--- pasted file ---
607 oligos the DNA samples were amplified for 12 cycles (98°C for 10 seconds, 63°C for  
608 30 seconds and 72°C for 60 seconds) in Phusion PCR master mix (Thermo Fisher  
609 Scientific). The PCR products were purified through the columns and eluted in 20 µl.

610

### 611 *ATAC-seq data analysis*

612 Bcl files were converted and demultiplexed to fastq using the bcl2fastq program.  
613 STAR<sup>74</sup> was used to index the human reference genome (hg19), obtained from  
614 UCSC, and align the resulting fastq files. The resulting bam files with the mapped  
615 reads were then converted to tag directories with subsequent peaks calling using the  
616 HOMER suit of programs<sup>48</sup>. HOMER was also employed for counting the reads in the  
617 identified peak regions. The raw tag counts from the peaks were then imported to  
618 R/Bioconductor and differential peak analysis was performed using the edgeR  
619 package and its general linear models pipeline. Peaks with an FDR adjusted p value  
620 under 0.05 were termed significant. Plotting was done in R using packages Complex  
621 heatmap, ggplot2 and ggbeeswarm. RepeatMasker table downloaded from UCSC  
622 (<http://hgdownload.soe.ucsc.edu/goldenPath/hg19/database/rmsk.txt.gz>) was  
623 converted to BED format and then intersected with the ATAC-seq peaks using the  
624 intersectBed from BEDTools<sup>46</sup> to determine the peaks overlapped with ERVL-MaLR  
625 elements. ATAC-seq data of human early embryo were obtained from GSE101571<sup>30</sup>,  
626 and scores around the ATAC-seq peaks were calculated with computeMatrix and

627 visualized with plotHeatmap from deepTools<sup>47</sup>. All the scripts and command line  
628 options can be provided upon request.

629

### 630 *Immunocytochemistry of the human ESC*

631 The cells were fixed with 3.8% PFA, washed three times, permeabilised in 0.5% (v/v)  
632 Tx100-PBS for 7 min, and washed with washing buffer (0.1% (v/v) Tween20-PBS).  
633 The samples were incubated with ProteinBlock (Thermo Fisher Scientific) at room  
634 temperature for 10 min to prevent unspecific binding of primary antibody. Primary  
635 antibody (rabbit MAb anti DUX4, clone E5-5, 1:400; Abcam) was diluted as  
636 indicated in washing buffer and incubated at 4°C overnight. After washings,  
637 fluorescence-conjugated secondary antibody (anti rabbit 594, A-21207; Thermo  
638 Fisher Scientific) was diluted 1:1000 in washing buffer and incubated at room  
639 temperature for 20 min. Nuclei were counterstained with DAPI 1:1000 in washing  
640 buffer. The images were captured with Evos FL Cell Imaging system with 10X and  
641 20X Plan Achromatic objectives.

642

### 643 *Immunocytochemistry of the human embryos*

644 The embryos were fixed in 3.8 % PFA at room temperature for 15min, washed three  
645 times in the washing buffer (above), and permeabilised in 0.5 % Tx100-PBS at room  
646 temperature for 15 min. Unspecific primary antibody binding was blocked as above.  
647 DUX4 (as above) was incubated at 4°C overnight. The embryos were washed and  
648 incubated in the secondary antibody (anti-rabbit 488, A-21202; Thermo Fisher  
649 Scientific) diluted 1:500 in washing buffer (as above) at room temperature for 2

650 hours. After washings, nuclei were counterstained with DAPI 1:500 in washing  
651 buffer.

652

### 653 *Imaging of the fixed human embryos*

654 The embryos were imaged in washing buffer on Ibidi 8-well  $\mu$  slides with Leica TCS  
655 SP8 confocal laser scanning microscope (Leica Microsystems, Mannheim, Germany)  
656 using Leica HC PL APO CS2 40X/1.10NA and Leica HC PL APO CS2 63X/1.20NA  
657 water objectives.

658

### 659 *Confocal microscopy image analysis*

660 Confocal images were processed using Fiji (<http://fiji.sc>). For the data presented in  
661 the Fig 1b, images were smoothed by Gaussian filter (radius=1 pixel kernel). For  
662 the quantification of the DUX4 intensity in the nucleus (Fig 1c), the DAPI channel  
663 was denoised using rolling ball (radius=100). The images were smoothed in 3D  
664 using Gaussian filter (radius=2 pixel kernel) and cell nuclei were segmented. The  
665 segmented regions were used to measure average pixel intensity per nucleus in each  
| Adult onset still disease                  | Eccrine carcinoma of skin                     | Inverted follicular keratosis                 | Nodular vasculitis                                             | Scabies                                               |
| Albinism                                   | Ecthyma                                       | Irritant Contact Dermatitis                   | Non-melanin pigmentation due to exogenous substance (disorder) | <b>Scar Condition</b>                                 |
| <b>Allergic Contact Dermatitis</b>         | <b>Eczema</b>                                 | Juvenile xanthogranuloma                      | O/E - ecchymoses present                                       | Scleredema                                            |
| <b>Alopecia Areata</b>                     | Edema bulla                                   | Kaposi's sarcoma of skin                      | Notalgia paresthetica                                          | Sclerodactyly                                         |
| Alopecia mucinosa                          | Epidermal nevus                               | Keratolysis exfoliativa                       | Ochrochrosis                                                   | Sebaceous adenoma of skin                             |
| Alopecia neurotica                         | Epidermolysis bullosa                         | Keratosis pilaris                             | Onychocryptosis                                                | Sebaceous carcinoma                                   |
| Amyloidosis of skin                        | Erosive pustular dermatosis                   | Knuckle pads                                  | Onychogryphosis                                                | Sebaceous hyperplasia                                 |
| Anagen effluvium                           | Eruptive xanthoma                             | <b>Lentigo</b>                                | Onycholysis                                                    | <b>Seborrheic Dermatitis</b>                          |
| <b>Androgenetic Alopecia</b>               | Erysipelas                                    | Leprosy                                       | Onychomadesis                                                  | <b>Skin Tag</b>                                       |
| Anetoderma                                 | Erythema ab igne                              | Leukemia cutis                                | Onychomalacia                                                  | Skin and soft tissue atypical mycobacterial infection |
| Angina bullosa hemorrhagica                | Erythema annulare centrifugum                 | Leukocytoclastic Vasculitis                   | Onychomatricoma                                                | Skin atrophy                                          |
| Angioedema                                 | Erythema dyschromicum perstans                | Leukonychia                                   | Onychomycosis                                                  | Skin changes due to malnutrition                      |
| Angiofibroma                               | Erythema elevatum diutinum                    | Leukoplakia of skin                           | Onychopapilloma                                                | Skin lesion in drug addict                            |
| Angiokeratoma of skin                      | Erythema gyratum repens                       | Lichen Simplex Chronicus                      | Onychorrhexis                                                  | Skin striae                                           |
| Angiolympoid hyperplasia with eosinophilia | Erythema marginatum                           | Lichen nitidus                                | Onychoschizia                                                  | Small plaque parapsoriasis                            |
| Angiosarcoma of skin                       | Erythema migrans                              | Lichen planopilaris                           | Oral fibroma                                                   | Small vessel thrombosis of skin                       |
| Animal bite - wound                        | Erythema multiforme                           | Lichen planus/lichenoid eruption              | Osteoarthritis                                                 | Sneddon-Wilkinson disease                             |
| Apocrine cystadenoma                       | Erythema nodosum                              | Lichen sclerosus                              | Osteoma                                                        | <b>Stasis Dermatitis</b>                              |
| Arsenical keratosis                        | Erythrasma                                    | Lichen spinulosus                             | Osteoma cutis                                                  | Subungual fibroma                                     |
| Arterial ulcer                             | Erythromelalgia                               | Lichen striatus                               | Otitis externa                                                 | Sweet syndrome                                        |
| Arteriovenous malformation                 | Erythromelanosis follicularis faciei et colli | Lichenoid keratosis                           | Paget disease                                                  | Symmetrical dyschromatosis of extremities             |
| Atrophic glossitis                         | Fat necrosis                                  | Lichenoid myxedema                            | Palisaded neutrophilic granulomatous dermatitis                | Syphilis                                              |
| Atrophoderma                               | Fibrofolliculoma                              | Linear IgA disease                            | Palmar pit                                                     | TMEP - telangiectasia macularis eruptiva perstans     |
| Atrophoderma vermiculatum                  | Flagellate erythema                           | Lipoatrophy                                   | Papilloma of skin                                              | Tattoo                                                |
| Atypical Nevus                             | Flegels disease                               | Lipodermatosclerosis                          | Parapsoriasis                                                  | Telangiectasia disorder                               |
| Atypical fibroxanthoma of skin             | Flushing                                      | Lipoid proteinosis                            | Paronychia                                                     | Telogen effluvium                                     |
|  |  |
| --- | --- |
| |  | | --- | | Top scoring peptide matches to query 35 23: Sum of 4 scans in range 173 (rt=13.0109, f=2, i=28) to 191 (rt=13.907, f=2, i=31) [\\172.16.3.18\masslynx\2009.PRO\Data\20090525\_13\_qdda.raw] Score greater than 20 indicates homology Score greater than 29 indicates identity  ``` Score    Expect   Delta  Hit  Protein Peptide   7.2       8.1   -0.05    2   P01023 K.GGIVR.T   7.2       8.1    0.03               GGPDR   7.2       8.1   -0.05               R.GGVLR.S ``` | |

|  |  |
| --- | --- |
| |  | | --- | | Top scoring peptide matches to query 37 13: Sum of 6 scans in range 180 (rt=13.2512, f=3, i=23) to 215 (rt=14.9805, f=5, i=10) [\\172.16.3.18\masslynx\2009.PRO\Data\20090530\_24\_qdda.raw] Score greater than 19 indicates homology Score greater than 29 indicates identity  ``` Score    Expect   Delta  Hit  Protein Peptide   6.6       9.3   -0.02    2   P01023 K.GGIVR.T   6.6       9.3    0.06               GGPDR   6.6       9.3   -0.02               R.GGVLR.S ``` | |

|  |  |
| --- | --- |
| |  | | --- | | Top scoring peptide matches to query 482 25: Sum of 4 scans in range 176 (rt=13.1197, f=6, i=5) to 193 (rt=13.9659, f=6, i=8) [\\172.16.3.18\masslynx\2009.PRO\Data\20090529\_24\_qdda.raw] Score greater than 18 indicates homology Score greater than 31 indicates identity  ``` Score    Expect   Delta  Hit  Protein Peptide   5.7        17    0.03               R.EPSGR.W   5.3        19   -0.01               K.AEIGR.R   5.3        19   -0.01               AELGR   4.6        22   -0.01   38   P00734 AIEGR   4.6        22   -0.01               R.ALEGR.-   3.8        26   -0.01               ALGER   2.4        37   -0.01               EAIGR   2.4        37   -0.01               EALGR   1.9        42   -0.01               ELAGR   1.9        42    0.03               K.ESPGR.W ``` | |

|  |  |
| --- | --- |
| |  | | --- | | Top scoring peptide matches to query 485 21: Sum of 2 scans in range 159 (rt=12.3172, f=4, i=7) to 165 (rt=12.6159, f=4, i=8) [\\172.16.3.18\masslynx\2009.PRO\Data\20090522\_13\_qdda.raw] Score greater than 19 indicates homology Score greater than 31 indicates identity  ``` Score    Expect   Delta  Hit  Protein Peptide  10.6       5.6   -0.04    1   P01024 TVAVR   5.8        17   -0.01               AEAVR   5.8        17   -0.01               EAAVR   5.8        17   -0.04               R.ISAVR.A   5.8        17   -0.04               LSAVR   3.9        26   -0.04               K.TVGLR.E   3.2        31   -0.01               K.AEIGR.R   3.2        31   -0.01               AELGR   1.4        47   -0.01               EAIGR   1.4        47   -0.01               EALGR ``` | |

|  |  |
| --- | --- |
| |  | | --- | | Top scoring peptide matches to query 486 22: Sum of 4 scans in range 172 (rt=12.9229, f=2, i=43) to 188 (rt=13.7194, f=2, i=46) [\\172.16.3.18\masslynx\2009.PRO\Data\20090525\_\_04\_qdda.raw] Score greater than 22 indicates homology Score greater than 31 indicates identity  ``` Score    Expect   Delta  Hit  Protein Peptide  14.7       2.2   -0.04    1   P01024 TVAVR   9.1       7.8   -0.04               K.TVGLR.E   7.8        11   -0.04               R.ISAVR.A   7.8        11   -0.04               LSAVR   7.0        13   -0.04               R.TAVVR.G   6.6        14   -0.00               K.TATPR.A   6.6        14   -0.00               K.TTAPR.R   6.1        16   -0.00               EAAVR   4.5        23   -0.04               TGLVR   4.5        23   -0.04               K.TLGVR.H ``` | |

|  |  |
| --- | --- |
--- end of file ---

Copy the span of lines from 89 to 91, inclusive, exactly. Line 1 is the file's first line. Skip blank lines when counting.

|  |  |
| --- | --- |
| |  | | --- | | Top scoring peptide matches to query 37 13: Sum of 6 scans in range 180 (rt=13.2512, f=3, i=23) to 215 (rt=14.9805, f=5, i=10) [\\172.16.3.18\masslynx\2009.PRO\Data\20090530\_24\_qdda.raw] Score greater than 19 indicates homology Score greater than 29 indicates identity  ``` Score    Expect   Delta  Hit  Protein Peptide   6.6       9.3   -0.02    2   P01023 K.GGIVR.T   6.6       9.3    0.06               GGPDR   6.6       9.3   -0.02               R.GGVLR.S ``` | |